Nov. 30 - Wed. Matinee
The final show of my 3 day entertainment marathon was so good (but honestly, not any better than The Devil's Music).
Relatively Speaking is at the Brooks Atkinson Theatre which is a lovely space on West 47th Street.
I was 3rd row orchestra (not first...why be greedy all the time?!), but still close enough to see everyone spit.
RS is made up of three one-act comedies: Talking Cure, George is Dead, and Honeymoon Motel.
Each has its own playwright and its own cast (though three or four actors wind up in two of the plays).
The entire show was directed by John Turturro (actor in such films as Jungle Fever, Do the Right Thing, Quiz Show, etc.) but is also a very accomplished film and theatre director. He's currently acting in The Cherry Orchard with Dianne Wiest (downtown, eastside).
RS is star studded (as Broadway has to be these days), but let me regale you with one one-act at a time.
A guy on lock down in a mental hospital is being treated by a psychiatrist. the patient, a postal worker (I know, right?!), apparently snapped one day when an elderly woman complained about the condition in which her package arrived. Mr Postal Worker responds by beating her down with a tape dispenser.
Most of this play takes place in a "cage" (which, those not very therapeutic, is where the therapy sessions are taking place...i suppose it was meant to show how "trapped" the patient felt not only in the hospital but also in life).
At the end of the play, we are given a flashback to the man's beginning...the day his mother goes into labor with him. His parents apparently loathe each other and are in a heated argument when she goes into labor. The dysfunctional family hostilities are meant to show us how the patient started life without much hope of sanity.
Predictably, the therapy sessions swing from rage to hilarity and back again. and while there is a breakthrough when the patient admits he has self-image/self-esteem and anger management problems, and why (the parents, of course), we never get to see the broken fragments of psyche reintegrated.
The patient, doctor, attendant (walk on part), mother and father are all the characters.
The patient was played by Danny Hoch....Danny is a playwright and an actor (not the playwright of this show, that would be Ethan Coen...he's done a million things, but is probably best known for his screen plays - Raising Arizona, Fargo, The Big Lebowski, O Brother Where Art Thou?, and for his adaptations of Cormac McCarthy's No Country for Old Men and Charles Portis' True Grit).
Hoch gives a caricature more than a character. He is so preoccupied with clownish facial expressions, exaggerated hand movements, and perfecting a stereotypical Brooklyn Italian accent that there isn't much space left for developing a three dimensional human being for us to care about. Still, his gimmicks were funny enough and the writing was so good that it was still a worthwhile venture.
The mother, played by katherine Borowitz seemed familiar, but her career has consisted mostly of theatre (regional and off-broadway), and I don't think i've seen any of her films (Illuminata, Men of Respect, Internal Affairs, A Serious Man)...but maybe i've seen her in ads or previews for the flicks. Anyway, she was good, though her character isn't given a lot of time to show who she really is. the entire scene with the parents are the two of them arguing at dinner over petty annoyances (which have them at the point of violence) and then her going into labor. So all we see of her or her husband is a comical, petty bickering session.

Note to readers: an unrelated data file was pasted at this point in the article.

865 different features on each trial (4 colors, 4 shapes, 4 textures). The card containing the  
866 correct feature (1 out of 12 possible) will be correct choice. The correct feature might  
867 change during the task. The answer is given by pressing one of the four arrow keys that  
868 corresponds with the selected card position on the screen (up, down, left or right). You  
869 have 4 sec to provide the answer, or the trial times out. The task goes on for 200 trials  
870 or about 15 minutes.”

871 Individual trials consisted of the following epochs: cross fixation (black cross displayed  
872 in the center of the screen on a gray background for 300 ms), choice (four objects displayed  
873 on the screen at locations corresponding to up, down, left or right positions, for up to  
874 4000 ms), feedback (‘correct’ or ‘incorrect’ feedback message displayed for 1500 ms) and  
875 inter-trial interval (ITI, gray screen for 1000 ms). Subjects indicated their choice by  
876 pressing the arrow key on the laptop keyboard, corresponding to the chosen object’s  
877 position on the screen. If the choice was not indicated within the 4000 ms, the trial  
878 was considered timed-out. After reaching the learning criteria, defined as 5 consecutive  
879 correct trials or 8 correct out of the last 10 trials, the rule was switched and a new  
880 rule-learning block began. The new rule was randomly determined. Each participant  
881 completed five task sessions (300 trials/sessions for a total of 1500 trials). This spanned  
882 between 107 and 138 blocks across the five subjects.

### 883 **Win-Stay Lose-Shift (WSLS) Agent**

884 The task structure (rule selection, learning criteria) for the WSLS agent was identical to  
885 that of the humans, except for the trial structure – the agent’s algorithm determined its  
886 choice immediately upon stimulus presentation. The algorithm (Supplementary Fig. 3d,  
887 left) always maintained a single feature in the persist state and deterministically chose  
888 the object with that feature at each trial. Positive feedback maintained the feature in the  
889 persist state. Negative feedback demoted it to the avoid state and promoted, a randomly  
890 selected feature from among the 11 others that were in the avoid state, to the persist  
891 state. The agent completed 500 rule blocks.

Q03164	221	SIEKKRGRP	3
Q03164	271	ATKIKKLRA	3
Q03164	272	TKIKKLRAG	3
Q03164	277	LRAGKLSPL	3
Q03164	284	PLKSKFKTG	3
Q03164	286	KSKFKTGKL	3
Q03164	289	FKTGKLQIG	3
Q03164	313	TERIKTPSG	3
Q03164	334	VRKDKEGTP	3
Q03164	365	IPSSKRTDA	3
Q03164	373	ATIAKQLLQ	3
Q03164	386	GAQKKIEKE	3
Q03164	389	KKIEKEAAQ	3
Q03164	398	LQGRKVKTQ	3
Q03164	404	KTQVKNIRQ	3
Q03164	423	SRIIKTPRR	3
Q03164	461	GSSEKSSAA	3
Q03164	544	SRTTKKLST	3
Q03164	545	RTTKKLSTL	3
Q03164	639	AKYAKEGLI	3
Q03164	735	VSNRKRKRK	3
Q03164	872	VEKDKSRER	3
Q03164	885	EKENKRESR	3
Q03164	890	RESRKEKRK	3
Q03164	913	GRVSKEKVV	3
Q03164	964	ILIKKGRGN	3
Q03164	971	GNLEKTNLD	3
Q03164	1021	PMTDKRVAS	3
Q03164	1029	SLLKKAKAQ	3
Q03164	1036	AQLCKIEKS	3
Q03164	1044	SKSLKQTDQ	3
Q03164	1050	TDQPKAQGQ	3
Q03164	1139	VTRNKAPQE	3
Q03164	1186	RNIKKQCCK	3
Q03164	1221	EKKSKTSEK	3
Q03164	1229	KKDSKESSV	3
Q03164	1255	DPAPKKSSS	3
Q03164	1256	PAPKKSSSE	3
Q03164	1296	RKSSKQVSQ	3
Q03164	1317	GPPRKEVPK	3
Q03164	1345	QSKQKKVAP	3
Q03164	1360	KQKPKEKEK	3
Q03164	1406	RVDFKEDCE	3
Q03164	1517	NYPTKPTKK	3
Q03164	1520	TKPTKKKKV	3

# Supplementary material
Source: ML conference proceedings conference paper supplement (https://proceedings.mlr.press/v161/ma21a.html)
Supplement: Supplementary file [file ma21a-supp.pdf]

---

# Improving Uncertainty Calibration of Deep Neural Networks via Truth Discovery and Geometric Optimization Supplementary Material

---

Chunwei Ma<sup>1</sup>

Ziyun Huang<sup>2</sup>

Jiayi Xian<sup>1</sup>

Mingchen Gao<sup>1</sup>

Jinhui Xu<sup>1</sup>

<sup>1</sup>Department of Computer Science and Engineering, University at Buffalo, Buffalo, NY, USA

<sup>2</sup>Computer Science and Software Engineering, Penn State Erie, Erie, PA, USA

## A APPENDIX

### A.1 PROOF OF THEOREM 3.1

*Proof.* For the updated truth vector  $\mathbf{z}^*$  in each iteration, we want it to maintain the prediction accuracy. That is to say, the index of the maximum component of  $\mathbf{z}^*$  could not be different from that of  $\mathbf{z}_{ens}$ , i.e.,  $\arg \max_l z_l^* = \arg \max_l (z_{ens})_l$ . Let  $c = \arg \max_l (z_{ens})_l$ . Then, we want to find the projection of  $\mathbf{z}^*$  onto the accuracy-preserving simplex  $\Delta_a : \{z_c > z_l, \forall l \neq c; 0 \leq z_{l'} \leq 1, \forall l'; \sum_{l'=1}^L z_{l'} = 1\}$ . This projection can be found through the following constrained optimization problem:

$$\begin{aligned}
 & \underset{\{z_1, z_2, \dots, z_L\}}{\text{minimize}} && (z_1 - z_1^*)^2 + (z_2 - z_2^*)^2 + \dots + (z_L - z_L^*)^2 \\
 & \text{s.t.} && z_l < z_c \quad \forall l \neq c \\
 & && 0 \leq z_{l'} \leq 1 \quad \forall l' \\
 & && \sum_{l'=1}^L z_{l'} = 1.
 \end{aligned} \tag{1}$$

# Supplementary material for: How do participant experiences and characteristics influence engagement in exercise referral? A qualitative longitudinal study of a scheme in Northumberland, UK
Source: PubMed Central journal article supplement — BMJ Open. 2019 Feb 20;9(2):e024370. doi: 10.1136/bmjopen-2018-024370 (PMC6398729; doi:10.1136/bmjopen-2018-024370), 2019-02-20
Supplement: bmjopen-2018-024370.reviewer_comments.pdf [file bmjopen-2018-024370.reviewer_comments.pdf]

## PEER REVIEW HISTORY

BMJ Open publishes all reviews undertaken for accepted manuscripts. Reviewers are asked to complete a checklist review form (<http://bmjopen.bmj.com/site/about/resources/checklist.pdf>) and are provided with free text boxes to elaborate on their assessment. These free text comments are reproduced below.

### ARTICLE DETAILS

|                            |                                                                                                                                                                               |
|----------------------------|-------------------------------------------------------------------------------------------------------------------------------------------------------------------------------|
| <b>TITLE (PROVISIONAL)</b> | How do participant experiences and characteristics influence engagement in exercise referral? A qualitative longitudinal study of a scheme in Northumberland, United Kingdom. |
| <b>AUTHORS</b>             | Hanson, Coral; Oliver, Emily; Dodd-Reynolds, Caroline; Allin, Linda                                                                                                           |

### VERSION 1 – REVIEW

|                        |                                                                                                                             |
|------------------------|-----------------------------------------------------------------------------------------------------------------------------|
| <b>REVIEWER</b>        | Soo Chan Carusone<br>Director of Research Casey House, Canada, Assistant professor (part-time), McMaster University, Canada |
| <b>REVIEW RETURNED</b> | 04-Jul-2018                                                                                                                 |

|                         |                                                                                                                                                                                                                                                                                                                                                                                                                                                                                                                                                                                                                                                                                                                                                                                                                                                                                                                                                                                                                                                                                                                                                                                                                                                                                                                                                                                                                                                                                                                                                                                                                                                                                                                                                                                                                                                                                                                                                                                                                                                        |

Meanwhile, its Broadway Cares collection time again, and she was the actor who accepted my contribution at the door :-)
The doctor may be the most famous of the cast: Jason Kravits (you've seen him as an ADA on the Practice, a guest spot on everything, including the fabulous Grey's Anatomy, the final episode of friends, and various films. He not only was the biggest name for the opening act, but he was also the strongest actor with what seems to have been the best written part.
It was cute, funny, enjoyable...but no masterpiece.
George Is Dead:
This was the jewel of the show and should have been the final/anchor piece.
It was written by Elaine May, probably best known for her screen writing, (True Colors, Heaven Can Wait - for which she was nominated for an Oscar, and The Birdcage).
It starred Broadway biggie Lisa Emery, Grant Shaud (the cute producer, Miles, on Murphy Brown...PS - he's fat now), and super brilliant stage goddess Marlo Thomas. DO NOT UNDERESTIMATE HER! If you only know her from That Girl (which was funny btw) and St Jude Hospital pitches, and her recurring role as an attorney on Law/Order:SVU (which she is fine in, but of course any capable actor could provide plausible cameo appearances as an attorney)...you might not know that she is GENIUS.
OMG, she was comedic like Bea Arthur and Carol Burnette and Phyllis Diller and Toti Fields and Betty White all rolled into one human...but she didn't camp it up or throw it away...she took her comedy very seriously and played a shallow, wealthy, and apparently friendless woman who receives a phone call in the middle of the night that her husband has died in a skiing accident.
She turns to the daughter (Doreen, a woman she hasn't seen in decades) of her childhood Nanny for comfort. Doreen takes her in and provides her support even while her own marriage is disintegrating in front of her. The old nanny eventually comes in to save the day, which is sweet and painful...sweet b/c she still cares about the child she raised professionally...painful b/c she never seemed to care that much about her own daughter.